The study was conducted by Dennis T. Villareal, M.D., assistant professor of medicine and John O. Holloszy, M.D., professor of medicine in the division of geriatrics and nutritional sciences. Their results will be reported in the Nov. 10 issue of the Journal of the American Medical Association.
DHEA is produced by the adrenal glands. In humans, levels of DHEA peak at about age 20 and then gradually decline. By the time we are 70, we have only about 20 percent of the peak amount circulating in the body. The decline in DHEA has been associated with the deleterious effects of aging, according to the researchers.
Studies in rats conducted by Holloszy demonstrated that DHEA replacement has a protective effect against both the insulin resistance induced by a high-fat diet and the decrease in insulin responsiveness that occurs with advancing age.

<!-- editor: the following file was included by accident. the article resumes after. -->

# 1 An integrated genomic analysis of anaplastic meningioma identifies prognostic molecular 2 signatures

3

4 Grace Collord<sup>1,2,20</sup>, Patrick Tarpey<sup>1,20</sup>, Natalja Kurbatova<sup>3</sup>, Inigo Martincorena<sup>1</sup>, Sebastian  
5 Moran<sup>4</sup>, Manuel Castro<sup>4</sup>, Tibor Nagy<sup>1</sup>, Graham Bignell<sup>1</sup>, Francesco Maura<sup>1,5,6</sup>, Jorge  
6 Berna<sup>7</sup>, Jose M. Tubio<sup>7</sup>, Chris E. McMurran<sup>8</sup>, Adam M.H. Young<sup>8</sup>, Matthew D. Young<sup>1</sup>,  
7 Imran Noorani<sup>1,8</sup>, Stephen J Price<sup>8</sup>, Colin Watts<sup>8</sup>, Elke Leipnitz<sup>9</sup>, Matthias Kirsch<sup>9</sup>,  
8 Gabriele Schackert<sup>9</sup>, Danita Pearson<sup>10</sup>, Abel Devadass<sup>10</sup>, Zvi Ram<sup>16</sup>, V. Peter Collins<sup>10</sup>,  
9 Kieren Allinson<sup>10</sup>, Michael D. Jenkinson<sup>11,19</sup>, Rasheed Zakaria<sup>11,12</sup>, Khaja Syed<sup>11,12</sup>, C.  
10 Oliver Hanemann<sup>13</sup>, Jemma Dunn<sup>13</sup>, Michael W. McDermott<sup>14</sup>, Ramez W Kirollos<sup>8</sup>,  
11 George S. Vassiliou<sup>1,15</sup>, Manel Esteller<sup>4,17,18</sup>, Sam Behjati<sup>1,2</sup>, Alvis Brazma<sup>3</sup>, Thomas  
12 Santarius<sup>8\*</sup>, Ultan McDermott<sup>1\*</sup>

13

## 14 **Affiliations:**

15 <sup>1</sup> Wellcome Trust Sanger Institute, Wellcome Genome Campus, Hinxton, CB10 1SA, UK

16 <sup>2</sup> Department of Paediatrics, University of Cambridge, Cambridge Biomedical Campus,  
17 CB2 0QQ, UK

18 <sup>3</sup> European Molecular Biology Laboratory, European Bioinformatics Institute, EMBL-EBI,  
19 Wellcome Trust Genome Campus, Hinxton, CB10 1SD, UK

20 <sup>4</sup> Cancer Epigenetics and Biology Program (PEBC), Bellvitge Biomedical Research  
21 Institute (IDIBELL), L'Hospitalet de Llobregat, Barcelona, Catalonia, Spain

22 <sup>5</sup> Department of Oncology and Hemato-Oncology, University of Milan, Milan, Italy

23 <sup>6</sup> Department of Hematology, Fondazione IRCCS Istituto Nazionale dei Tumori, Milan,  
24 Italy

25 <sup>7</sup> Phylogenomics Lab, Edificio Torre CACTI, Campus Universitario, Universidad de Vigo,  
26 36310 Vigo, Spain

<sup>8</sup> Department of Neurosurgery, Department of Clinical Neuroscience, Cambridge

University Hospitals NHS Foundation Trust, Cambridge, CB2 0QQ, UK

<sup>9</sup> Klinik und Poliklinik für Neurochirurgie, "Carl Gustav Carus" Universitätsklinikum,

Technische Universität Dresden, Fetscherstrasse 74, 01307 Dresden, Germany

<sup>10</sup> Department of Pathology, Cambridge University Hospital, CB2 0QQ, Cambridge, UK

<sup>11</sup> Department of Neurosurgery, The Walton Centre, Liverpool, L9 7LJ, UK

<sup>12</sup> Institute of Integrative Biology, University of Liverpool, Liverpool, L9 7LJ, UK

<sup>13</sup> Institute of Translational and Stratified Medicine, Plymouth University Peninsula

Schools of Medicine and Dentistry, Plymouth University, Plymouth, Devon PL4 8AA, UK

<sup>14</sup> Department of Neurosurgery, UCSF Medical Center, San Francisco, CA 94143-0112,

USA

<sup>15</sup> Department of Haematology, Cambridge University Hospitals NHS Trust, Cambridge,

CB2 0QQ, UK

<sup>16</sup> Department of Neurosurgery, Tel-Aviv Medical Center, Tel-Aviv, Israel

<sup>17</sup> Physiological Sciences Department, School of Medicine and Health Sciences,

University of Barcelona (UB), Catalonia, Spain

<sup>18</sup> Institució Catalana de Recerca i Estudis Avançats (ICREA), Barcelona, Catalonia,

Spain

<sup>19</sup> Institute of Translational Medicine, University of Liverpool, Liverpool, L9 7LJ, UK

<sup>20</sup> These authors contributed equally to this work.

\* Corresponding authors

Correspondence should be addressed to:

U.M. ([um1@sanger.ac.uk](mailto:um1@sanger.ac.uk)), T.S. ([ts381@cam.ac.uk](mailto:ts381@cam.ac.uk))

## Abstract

"Earlier human studies indicated DHEA supplementation improved bone density and a sense of well-being," Villareal says. "In this study, we wanted to test whether our findings in the rat studies would hold true in people. We investigated whether DHEA could reverse some of the metabolic complications of aging if DHEA levels in elderly people were returned to the levels of their youth."
Volunteers ranged in age from 65 to 78, with an average age of 71, and the group was composed of 28 women and 28 men. Half of the patients were randomly assigned to receive a placebo while the other half received 50 milligrams of DHEA daily. The six-month study was double-blind: neither patien
Contact: Gwen Ericson
Washington University School of Medicine